Hill, Pat (2009) Invisible writing. In: European Association for Teachers of Academic Writing (EATAW) 2009 Conference, 30th June-2nd July 2009, Coventry University. (Unpublished)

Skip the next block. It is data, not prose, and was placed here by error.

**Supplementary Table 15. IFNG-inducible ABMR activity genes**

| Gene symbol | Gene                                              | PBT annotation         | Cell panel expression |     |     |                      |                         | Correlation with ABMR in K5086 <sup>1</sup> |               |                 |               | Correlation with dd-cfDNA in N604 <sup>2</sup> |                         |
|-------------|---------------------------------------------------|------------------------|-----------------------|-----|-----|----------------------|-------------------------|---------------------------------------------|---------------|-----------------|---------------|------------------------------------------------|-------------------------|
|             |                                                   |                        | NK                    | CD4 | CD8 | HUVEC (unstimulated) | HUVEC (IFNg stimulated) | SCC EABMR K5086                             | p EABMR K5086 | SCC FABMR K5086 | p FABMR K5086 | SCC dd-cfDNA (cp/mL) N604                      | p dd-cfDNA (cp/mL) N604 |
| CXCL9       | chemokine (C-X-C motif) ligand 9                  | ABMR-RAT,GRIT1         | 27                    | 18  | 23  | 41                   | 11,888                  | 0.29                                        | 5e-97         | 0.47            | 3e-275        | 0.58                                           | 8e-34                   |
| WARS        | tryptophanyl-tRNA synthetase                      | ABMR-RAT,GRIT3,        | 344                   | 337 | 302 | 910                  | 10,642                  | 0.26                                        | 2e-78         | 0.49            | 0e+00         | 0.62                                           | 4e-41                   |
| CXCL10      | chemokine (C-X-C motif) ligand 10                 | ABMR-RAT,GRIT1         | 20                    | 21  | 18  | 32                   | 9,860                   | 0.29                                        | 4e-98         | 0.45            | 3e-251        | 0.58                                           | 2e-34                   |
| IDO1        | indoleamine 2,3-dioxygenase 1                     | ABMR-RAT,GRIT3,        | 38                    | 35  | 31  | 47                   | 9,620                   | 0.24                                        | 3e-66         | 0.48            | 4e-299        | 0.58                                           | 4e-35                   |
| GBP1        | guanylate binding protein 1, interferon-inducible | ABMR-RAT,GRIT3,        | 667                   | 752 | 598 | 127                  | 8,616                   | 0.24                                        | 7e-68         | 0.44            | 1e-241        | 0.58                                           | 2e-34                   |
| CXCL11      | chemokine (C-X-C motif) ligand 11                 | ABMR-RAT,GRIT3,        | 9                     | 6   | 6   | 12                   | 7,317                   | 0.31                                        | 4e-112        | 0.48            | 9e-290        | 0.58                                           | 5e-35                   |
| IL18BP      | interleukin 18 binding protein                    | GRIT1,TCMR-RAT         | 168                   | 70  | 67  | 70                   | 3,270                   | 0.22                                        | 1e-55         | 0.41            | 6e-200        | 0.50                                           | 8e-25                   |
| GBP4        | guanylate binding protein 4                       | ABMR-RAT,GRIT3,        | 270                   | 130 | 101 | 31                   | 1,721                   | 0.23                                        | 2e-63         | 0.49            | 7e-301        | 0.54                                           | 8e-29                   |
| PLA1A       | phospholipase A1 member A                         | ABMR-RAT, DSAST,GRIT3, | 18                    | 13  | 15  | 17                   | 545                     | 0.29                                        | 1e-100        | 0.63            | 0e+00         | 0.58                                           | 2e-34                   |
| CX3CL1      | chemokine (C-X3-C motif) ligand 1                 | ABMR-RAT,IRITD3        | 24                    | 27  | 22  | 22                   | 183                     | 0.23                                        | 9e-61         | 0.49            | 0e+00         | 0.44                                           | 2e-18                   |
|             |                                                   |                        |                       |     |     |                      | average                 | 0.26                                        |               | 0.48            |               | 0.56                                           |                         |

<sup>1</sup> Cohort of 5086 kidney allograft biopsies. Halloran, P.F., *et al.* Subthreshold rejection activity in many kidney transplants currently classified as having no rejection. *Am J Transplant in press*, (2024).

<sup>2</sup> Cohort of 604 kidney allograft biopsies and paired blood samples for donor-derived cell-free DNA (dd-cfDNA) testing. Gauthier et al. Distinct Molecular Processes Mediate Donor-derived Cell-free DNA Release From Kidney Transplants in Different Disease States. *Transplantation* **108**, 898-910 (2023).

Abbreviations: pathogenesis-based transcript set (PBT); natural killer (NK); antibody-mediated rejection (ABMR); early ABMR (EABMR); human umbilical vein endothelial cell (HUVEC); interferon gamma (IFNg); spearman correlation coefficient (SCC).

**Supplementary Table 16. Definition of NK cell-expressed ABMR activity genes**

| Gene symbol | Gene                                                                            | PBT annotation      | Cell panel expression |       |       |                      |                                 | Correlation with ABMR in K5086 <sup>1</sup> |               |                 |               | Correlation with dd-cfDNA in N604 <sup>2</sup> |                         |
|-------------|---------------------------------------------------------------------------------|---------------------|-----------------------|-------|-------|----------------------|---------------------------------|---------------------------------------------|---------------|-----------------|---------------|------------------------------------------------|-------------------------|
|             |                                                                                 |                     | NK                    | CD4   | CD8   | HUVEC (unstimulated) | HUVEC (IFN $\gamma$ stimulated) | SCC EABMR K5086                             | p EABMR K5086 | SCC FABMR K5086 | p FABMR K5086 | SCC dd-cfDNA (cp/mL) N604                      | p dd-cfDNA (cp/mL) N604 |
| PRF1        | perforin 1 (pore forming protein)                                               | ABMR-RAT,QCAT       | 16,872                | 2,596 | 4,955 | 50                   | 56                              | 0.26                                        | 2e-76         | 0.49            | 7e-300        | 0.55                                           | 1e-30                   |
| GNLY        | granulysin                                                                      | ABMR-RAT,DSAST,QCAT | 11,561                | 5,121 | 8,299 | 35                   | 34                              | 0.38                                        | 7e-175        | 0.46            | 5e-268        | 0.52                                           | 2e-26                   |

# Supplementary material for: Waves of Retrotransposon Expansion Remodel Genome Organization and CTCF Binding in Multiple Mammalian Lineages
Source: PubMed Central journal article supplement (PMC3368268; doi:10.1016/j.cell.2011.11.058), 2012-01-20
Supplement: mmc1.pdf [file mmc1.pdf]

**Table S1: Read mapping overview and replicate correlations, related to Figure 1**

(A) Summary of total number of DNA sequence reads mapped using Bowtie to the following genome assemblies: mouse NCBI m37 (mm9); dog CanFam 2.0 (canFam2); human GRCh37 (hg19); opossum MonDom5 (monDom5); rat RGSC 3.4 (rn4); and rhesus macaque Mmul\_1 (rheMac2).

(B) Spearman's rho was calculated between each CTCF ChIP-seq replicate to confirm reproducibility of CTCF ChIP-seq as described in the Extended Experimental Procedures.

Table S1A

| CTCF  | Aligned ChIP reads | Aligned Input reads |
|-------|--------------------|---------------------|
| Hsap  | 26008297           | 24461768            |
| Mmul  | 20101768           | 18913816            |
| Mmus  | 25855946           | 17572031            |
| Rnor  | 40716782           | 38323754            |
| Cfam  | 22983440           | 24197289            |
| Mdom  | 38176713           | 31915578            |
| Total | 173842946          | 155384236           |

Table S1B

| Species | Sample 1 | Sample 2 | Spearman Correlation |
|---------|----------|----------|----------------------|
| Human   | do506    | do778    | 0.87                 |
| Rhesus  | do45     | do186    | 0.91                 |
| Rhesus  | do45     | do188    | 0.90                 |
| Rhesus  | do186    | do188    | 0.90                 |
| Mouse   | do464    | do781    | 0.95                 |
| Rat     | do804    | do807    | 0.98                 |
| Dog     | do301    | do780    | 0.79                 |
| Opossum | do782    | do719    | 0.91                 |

Joan Turner (1996) and Theresa Lillis (2001) suggest that for ‘non-traditional’ students language only becomes ‘visible’ as a ‘problem’. With the expansion of higher education in the UK, however, many more traditional students will be discriminated against as their written language is made ‘visible’ through the reader’s perception of ‘error’. Recent scholarship in student writing has recognised the different ‘academic literacies’ (Lea and Street, 2001) that students bring with them to higher education and has advocated a move away from a skills approach which focuses on ‘surface features’ and towards an approach which centres on how students make meaning through writing. This paper sees this as a useful progression from the ‘student deficit’ model. It argues, however, for an honest assessment of how students who do not already have the ability to produce Standard Written English (Elbow, 2000) can make their writing ‘invisible’ so that the reader is not distracted by the surface elements of the writing and can concentrate on meaning. It uses evidence from a three year research project and Pierre Bordieu’s notion of ‘cultural capital’ to address reasons why tutors might be reluctant or unable to develop pedagogical solutions to a problem which is not of the student’s making but which is rooted in a persistently elitist and ‘gatekeeping’ model of higher education

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